Moving on to the deep sky objects in Cassiopeia: Alpha, Beta, Gamma and Tycho's Nova form a pretty good square on the sky, only there is nothing visible to see at the nova location now. In 1572, one of only eight supernova explosions in recorded history visible to the naked eye occurred here, and it was closely monitored (though not discovered) by Danish astronomer Tycho Brahe. Now there is a huge expanding supernova remnant here about 7500 light years away, not much further than the Crab. One reason it is much fainter than the Crab and expanding faster is the difference in the initial explosion.

It is thought that Tycho's supernova was a white dwarf star that reached a critical mass and temperature, and nuclear fusion began explosively in its core, blowing the whole star apart and leaving no remnant behind (so no pulsar to pump energy into the surrounding gas). The companion of the white dwarf probably had most of its outer layers blown off, and it was flung away from the site. In 2004, astronomers found a sun-like star moving away from the scene of the crime very rapidly and about the right distance for its speed, and they think that was the original companion.

Another famous object not visible for most amateur astronomers is Cas A, the single brightest source of radio energy in the sky for us outside of our solar system. It is a supernova remnant about 10,000 light years away that first went off 9700 years ago, based on the expansion rate and size. There is no record of it historically (it should've been seen in 1670 or so), probably because there is extensive dust along the line of sight that obscured it. Only with radio telescopes or deep images taken by Hubble have we gotten much detail.

There are lots of interesting nebulae in this constellation since the Milky Way passes right through it. Looking in the direction of Cassiopeia, we are looking almost directly down along our arm (the Orion arm) of the Galaxy. The best is the Heart and Soul Nebula, a region of ongoing star formation about 6000 light years away. The red light comes from Hydrogen emission. Within the Soul Nebula is the Mountains of Creation. This is probably what the Pleiades cluster looked like while it was forming. Bright blue stars are just starting to emerge from their cocoons of dust, blowing away the surrounding gas and dust and causing it to glow.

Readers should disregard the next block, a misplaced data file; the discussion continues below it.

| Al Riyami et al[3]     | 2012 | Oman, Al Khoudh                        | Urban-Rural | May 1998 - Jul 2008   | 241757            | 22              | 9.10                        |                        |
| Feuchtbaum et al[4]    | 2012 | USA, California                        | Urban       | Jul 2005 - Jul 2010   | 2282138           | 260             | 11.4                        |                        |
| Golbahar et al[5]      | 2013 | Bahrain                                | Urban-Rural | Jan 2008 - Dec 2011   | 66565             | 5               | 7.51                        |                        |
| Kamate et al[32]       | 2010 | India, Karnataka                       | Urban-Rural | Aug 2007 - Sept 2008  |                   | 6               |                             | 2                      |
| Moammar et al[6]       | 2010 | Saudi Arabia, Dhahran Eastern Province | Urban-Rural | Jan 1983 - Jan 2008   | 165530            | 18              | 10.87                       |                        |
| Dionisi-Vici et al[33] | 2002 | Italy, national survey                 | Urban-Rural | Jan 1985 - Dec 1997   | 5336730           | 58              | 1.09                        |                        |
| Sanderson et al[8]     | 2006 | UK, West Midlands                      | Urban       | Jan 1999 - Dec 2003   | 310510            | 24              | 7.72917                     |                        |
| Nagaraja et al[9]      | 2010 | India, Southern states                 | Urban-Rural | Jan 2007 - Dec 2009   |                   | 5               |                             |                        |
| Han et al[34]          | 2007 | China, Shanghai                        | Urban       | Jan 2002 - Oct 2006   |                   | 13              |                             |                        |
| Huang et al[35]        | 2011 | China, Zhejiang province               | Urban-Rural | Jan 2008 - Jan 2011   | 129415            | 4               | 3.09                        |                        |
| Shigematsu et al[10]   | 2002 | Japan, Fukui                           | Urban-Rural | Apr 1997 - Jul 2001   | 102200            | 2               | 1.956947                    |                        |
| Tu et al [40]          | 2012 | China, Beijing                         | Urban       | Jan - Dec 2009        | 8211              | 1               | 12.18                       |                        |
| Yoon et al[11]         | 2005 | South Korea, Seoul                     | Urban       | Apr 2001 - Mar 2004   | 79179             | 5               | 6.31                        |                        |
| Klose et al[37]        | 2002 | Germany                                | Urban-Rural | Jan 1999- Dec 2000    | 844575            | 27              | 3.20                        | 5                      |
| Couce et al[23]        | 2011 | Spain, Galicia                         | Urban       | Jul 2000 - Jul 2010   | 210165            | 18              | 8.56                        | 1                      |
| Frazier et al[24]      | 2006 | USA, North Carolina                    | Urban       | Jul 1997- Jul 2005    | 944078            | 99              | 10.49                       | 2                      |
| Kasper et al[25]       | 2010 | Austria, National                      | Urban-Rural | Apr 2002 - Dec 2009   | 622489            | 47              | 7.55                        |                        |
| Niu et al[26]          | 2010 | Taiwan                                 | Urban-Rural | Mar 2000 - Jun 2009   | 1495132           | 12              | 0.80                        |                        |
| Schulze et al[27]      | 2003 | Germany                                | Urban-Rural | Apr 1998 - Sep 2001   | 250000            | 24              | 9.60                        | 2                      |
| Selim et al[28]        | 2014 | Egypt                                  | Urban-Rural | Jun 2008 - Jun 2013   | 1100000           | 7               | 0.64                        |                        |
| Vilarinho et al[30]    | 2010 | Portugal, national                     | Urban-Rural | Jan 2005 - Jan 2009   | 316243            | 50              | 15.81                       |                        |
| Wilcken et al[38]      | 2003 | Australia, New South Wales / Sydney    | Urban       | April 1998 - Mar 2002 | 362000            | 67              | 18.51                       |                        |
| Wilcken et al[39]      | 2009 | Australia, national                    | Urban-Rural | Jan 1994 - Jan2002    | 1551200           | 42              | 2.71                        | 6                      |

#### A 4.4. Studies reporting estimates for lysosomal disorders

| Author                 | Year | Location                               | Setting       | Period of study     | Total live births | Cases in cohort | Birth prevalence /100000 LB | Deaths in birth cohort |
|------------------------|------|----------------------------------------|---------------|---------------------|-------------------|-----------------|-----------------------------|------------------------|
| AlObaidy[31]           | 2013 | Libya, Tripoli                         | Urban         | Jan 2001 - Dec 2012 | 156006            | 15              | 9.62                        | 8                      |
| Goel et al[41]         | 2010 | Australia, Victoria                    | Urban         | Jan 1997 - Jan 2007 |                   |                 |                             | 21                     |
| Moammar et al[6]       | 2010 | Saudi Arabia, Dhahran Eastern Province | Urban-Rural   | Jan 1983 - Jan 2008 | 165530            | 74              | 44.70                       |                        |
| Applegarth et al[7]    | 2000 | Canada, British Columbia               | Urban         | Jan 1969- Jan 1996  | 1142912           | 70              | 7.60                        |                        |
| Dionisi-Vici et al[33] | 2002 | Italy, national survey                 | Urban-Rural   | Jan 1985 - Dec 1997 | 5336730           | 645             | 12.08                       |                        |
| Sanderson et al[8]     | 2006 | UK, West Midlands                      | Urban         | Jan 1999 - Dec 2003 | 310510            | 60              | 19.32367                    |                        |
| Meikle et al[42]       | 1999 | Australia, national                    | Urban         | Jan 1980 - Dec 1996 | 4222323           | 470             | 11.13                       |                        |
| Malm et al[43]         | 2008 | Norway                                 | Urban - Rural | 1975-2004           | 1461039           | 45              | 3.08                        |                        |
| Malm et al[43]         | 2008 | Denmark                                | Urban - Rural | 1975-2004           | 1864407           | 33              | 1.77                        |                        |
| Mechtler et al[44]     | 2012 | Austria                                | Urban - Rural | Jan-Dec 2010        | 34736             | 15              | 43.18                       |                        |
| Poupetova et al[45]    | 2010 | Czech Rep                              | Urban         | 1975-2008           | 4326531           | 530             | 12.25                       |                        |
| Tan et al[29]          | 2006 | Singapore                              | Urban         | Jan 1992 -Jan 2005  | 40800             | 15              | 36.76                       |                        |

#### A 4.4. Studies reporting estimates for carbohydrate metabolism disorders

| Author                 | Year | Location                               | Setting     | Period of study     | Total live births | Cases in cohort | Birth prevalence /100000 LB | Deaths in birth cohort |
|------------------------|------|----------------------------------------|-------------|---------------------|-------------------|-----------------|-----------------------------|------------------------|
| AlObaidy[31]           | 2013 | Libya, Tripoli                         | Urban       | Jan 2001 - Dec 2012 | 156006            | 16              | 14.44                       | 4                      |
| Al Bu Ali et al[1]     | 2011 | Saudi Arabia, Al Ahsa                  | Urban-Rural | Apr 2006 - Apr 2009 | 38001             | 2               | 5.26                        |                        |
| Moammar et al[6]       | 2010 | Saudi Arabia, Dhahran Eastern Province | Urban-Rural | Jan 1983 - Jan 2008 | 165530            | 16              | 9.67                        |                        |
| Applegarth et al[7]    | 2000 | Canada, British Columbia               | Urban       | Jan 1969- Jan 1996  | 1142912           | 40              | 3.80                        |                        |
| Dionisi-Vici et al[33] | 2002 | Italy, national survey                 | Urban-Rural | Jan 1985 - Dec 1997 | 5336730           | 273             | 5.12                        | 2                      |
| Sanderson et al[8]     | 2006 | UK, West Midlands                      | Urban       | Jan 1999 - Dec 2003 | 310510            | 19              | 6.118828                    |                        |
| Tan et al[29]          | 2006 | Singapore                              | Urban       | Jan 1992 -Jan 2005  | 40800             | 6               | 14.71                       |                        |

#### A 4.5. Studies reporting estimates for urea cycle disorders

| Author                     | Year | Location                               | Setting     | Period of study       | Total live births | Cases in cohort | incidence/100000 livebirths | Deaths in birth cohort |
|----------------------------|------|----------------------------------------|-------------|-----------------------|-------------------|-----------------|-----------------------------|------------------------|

Closer to the W (near Shedir) is the Pacman Nebula, named for its distinctive shape. There are two Messier objects in Cassiopeia. The first is M52, an open cluster next to the Bubble Nebula, yet another glowing star-forming cloud. M52 is comparable in age to the Pleiades, but it is much fainter, over 10 times further away. Also present near Ruchbah is star cluster M103, one of the faintest of the Messier Objects, a cluster with only a handful of bright stars moving together through space. One of the most massive stars has evolved off the main sequence and turned into a bright red giant.

NGC 147 and NGC 185 are little elliptical galaxies close to the border of the constellation Andromeda that are likely companions of the Andromeda galaxy. They are at the same distance as Andromeda and separated from it by about 250k light years, or 2.5 times the diameter of our galaxy. Another nice cluster present is the Owl Cluster, also known as NGC 457. It is similar to either member of the double cluster (h and chi) in Perseus. Another older clusteris NGC 7789, perhaps a billion years old so there are no really bright stars here that stand out. It is one of the oldest clusters in the disk. Clusters don't get much older because they get pulled apart by the gravity of all the surrounding material.

Posted by Observer at December 24, 2007 09:21 AM